With time, advances in computing technology have become such that many tasks which were previously relegated to human beings can now be handled by computers. In fact, whole fields have been decimated by the use of computers. Telephone operators, whether at a central switchboard or a company switchboard, have been almost wholly replaced by voicemail system.

Think of the lowly greeting card. In the past, there was someone hired to write them (Longfellow Deeds?), another to design them, another to print them. They then went to a distributor, who sold them to the local Hallmark store. The Hallmark store employee sold them to you. You put them in the mail, and the mailman delivered them. Currently, one can log on to any number of sites where electronic cards are available. With a few clicks of a button, you have fired the distributor, hallmark employee, and mailman (while at the same time hiring fewer programmers and internet engineers).

Thus, while technology can increase accessibility of scarce resources, it also serves in a very real sense to make other resources more scarce–those of jobs, and consequently wealth. In doing so, it encourages growth in a relatively resource poor environment, and sets up conditions to precipitate a Malthusian Crisis on a scale potentially much greater than those it has helped avert.

Unfortunately, there is no going back from this brink.  The fact remains that the world’s population continues to grow at a pace greater than the amount of human jobs needed to sustain it.  There are simply too many people, and too much automation, to allow for adequate levels of sustenance.  Through this lens, we see that unemployment and fiscal crisis are not necessarily direct results of the failed policies of one government or another, but a historical inevitibility.  As such, no amount of legislation or specific fiscal policy will be able to reverse it.  And, to top off the good news, the situation is likely to get much much worse before it gets better.  The logical end to this cycle is a “positive check” (the word positive is Malthus’, not mine) the scope of which may be unprecedented.  After all, the wheel of history cannot be stopped from turning.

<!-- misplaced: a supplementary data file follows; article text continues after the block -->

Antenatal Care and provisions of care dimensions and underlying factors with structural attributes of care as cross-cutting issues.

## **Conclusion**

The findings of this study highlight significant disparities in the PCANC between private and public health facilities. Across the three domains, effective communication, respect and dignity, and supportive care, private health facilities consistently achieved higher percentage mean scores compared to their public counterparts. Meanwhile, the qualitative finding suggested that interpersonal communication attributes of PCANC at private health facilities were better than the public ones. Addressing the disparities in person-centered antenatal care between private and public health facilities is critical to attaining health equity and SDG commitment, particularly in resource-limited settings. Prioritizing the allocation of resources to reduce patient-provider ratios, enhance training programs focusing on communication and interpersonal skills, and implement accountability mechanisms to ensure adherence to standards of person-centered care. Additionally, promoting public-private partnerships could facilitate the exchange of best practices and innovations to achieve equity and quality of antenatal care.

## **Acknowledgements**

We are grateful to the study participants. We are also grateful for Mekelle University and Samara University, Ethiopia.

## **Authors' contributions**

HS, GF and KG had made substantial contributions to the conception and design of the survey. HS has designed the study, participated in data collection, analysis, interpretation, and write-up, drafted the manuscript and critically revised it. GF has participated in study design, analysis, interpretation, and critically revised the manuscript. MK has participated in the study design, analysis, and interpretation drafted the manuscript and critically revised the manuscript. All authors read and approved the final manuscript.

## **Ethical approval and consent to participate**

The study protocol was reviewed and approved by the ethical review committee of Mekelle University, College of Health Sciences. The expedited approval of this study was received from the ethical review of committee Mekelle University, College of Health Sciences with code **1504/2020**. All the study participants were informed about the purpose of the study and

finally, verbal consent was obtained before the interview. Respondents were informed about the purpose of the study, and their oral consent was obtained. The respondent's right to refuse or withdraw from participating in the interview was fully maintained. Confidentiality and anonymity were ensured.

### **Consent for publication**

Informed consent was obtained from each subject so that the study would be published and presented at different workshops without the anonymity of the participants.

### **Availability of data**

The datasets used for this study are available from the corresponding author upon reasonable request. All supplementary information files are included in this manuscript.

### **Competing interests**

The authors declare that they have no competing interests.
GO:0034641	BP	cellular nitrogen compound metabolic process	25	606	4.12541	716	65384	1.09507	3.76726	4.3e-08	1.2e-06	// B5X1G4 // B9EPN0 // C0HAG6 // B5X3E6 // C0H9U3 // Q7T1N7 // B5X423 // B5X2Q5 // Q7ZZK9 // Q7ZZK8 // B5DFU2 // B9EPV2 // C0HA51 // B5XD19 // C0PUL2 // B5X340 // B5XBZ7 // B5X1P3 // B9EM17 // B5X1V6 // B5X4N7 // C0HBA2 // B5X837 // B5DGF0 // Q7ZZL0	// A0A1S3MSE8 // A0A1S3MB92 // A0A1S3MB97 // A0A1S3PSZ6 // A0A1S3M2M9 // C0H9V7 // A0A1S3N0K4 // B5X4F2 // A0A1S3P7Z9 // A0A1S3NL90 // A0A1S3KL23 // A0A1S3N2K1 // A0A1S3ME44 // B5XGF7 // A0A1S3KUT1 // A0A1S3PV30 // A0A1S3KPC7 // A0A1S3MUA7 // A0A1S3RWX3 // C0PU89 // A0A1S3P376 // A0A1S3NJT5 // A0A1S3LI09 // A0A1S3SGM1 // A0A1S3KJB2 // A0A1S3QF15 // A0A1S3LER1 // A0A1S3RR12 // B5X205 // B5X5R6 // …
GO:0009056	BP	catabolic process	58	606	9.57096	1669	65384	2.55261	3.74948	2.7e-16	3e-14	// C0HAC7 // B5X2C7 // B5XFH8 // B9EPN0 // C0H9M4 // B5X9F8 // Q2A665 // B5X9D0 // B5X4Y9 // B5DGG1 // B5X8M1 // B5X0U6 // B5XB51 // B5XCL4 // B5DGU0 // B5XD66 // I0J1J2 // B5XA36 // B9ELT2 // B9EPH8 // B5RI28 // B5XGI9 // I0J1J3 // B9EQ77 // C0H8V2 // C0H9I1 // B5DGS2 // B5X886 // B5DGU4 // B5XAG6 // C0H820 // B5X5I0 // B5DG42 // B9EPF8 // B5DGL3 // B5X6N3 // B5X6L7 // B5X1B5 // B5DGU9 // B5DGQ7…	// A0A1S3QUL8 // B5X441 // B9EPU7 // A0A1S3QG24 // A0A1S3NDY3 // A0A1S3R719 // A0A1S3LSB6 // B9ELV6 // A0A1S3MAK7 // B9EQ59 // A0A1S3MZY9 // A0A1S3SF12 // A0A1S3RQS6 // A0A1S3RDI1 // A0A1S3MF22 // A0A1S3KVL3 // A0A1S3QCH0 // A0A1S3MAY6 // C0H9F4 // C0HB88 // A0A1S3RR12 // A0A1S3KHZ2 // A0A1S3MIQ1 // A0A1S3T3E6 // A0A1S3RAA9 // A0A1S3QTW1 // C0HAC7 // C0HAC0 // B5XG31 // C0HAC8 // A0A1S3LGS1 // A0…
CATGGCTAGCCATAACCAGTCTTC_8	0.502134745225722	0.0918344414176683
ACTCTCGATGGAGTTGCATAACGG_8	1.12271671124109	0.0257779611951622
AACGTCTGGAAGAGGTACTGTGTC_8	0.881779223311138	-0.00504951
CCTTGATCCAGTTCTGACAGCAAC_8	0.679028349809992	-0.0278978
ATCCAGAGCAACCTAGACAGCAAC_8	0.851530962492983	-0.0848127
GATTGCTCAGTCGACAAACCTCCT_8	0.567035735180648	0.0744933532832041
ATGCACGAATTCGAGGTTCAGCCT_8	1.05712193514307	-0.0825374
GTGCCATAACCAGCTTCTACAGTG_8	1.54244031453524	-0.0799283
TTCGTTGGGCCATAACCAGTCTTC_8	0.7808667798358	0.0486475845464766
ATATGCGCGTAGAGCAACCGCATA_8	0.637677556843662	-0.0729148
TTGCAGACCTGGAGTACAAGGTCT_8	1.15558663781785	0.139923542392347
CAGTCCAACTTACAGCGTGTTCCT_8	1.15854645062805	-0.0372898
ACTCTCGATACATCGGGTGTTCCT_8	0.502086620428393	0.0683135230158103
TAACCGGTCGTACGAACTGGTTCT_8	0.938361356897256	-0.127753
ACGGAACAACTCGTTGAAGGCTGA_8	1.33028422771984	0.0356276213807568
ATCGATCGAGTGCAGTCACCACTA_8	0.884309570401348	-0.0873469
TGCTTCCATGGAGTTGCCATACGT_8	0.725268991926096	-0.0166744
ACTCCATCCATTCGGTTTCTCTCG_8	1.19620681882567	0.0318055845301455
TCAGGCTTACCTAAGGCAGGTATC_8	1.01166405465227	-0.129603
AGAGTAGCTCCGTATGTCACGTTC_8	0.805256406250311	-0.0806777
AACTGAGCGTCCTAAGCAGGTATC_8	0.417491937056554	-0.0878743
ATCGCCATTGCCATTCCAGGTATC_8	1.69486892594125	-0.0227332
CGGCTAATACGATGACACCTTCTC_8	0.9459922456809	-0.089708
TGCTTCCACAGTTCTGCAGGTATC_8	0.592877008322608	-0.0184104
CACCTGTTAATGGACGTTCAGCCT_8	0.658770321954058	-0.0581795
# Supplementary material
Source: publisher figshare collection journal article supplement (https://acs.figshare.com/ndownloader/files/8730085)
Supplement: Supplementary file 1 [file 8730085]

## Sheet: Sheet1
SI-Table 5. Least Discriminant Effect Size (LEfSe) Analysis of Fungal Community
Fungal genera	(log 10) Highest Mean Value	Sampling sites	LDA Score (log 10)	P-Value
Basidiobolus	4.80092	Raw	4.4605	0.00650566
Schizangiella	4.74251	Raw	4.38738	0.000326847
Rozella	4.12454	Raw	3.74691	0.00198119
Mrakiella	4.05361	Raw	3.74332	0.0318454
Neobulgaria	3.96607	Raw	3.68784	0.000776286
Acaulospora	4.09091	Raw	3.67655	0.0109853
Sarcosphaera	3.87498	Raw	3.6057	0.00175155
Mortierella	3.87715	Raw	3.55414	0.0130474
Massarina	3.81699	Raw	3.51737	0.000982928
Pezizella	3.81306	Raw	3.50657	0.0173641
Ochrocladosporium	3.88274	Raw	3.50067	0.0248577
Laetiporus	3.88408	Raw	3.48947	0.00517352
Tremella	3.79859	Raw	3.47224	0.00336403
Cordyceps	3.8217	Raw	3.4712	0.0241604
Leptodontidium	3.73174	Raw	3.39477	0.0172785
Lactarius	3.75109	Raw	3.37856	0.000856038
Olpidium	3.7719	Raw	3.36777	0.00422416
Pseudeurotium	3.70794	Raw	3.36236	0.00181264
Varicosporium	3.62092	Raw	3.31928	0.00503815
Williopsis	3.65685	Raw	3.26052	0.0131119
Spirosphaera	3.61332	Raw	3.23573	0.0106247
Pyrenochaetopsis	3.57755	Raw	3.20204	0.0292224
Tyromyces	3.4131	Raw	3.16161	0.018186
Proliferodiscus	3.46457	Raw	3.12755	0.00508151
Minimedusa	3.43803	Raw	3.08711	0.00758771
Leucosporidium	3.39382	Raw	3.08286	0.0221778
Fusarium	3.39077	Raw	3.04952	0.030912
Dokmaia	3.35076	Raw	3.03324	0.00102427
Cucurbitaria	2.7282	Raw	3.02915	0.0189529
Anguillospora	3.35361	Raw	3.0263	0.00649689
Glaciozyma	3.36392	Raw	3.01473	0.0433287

Our Father, Who Art in Heaven

Celebrate the New Year with family, friends, and feast but then, be mindful.  For the next ten days, God will be watching what you do, and judging what benedictions to proscribe for you in the coming year.  And the tenth day… Oh the tenth day of the year, who can describe it’s holiness? Observe that day and respect it’s importance!  Fast on the tenth day of the year, attend services, and make sure you say your five prayers.  Pray for forgiveness, for enlightenment, recognize your sins and atone for them; for on that day shall God finalize his judgment of you, and as the sun sets on the tenth day your next opportunity for redemption will be a year away.

My Shia Muslim friends know well what I am referring to.  But so do my Jewish friends.  The above paragraph could just as well describe the first ten days of the (Shia) Muslim new year as the Jewish new year.  Starting tonight, my Jewish friends will observe the solemn holiday of Yom Kippur, the Day of Atonement.  During this day, they will foresake all other activities and distractions and fast and pray for forgiveness, that G-d may finalize His judgment of them, and seal the Book of Life with positive benedictions for them for the coming year.